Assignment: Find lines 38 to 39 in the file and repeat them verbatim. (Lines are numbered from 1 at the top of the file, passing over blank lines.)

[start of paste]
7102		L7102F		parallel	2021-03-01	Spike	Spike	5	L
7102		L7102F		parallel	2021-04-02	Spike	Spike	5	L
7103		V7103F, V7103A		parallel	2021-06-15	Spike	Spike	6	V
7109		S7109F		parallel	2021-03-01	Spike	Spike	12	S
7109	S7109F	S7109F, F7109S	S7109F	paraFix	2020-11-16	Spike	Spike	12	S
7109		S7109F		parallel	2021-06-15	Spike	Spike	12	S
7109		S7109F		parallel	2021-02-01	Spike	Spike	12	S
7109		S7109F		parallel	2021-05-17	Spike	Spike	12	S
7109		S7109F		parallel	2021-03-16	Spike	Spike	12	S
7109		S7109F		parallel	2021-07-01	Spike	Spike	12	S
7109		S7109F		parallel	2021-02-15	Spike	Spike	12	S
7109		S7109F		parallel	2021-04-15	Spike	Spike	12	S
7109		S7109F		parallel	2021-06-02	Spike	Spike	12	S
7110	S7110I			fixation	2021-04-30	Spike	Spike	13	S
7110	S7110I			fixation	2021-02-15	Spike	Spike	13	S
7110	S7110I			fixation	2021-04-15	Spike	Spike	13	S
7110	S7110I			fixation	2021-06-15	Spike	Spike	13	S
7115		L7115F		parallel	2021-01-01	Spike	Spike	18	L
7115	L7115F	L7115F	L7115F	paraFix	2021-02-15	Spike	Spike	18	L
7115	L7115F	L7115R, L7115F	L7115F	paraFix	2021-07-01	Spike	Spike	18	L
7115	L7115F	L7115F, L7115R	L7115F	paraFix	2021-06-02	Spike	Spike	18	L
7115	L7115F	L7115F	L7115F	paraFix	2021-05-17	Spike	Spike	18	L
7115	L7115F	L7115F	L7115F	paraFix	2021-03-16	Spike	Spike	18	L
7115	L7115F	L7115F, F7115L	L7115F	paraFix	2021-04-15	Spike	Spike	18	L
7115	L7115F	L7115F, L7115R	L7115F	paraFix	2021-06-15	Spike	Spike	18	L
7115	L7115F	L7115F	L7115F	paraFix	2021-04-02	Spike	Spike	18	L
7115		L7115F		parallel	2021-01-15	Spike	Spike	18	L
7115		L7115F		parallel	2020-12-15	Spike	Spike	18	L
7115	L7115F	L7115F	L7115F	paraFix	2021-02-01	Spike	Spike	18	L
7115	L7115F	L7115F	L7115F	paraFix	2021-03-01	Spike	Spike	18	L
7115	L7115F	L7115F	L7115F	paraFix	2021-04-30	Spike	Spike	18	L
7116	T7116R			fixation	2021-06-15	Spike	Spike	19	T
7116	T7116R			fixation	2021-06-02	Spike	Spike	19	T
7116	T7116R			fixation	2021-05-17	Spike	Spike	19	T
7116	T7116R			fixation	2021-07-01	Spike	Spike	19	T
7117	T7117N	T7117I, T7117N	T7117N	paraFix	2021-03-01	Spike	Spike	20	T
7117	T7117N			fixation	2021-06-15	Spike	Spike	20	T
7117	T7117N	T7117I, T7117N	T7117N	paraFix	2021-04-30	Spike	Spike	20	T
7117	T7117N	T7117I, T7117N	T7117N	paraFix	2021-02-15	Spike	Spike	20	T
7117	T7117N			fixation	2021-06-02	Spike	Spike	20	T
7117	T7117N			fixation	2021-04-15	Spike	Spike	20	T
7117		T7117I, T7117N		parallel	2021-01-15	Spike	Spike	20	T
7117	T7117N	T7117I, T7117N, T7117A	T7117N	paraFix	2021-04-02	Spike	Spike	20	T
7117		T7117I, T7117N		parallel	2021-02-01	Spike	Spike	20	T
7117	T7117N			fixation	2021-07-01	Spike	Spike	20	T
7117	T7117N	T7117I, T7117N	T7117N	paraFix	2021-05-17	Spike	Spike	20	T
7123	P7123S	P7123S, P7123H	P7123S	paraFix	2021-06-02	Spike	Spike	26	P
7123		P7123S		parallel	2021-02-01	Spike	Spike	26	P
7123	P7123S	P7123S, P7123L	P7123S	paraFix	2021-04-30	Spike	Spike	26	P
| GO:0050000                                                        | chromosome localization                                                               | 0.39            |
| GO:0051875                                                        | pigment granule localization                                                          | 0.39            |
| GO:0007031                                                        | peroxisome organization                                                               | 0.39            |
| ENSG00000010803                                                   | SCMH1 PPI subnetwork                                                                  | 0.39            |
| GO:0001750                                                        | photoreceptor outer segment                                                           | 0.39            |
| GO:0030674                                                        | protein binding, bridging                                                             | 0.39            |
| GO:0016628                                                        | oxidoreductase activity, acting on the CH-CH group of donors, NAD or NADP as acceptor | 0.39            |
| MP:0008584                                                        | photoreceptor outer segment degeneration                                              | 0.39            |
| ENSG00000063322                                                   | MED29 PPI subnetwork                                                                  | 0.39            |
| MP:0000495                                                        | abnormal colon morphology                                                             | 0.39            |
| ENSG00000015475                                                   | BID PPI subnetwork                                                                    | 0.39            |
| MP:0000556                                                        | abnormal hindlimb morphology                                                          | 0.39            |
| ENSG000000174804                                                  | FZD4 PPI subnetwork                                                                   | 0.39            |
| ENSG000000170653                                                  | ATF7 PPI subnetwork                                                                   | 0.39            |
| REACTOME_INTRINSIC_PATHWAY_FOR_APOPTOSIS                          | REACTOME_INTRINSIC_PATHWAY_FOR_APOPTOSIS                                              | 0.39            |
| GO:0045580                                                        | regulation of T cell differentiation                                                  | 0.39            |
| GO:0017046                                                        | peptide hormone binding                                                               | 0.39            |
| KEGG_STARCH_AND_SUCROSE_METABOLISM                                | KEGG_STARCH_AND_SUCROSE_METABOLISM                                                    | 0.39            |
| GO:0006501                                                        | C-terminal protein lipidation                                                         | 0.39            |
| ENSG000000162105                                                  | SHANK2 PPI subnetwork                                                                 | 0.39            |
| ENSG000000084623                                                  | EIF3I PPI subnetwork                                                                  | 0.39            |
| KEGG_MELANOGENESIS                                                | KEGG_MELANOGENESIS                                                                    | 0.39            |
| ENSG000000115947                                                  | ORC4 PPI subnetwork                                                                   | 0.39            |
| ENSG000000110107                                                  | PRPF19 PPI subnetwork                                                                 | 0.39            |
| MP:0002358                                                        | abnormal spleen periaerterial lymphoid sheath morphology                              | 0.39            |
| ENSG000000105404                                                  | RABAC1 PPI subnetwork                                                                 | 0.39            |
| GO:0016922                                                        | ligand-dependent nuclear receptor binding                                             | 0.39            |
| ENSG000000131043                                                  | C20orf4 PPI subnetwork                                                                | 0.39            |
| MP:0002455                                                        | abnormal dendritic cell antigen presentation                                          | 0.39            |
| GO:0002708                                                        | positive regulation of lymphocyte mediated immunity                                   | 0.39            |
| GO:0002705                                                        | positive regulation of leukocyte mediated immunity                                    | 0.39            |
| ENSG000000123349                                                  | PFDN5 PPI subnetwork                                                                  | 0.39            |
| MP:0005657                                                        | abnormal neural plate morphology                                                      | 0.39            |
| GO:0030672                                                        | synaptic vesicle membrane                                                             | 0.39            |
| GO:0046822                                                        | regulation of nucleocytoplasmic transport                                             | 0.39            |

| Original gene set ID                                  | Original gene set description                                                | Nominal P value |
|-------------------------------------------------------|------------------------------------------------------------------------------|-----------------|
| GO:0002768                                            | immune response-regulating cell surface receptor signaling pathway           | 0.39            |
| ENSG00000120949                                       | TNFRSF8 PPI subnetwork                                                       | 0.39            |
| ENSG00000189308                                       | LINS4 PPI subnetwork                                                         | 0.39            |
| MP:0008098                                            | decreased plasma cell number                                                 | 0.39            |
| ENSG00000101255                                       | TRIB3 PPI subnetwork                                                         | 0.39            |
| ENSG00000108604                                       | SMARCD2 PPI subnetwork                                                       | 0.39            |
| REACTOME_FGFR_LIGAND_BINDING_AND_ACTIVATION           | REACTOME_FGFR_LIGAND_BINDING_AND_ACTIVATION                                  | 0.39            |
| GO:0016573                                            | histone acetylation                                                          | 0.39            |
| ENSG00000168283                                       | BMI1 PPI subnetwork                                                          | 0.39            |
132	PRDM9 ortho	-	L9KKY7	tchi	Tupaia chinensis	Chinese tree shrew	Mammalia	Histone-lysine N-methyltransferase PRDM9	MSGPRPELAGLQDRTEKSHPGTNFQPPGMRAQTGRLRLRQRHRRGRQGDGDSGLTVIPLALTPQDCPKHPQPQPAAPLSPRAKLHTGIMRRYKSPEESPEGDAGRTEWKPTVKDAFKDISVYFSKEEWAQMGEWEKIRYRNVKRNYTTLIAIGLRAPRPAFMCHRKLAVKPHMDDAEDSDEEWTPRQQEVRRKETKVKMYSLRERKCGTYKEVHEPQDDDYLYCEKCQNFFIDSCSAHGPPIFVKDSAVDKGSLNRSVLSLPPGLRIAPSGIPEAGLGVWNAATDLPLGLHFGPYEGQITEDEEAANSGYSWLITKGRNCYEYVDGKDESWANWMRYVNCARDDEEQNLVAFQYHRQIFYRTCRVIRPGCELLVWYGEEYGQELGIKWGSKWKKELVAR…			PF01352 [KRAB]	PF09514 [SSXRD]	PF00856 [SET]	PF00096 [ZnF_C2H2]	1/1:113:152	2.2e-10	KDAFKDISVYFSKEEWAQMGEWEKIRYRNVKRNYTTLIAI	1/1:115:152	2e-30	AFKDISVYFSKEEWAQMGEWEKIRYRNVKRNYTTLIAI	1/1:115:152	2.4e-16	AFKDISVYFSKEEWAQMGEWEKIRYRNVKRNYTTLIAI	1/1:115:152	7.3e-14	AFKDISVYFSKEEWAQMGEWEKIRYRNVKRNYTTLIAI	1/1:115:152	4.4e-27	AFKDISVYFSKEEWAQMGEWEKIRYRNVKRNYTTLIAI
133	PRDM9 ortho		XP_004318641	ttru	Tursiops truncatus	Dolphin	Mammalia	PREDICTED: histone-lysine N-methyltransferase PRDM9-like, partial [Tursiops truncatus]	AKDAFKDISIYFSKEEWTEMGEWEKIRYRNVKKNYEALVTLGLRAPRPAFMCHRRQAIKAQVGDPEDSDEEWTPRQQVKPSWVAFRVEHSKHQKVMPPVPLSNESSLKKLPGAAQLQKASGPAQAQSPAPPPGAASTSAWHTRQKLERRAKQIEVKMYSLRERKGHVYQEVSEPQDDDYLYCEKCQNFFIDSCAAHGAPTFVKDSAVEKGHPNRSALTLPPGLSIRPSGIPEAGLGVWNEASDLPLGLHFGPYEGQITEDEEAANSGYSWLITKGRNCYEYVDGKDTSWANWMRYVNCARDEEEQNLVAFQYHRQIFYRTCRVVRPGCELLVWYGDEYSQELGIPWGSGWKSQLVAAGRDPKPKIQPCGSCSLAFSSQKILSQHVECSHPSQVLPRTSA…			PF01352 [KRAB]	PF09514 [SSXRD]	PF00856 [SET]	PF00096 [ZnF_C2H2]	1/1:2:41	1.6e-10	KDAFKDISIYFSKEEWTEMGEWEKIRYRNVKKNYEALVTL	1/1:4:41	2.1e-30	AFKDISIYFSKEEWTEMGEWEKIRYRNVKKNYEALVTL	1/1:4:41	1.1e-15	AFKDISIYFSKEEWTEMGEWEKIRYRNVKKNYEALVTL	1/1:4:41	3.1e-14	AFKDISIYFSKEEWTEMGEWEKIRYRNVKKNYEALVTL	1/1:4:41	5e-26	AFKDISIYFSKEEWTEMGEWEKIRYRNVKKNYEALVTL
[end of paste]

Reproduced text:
7117	T7117N	T7117I, T7117N	T7117N	paraFix	2021-04-30	Spike	Spike	20	T
7117	T7117N	T7117I, T7117N	T7117N	paraFix	2021-02-15	Spike	Spike	20	T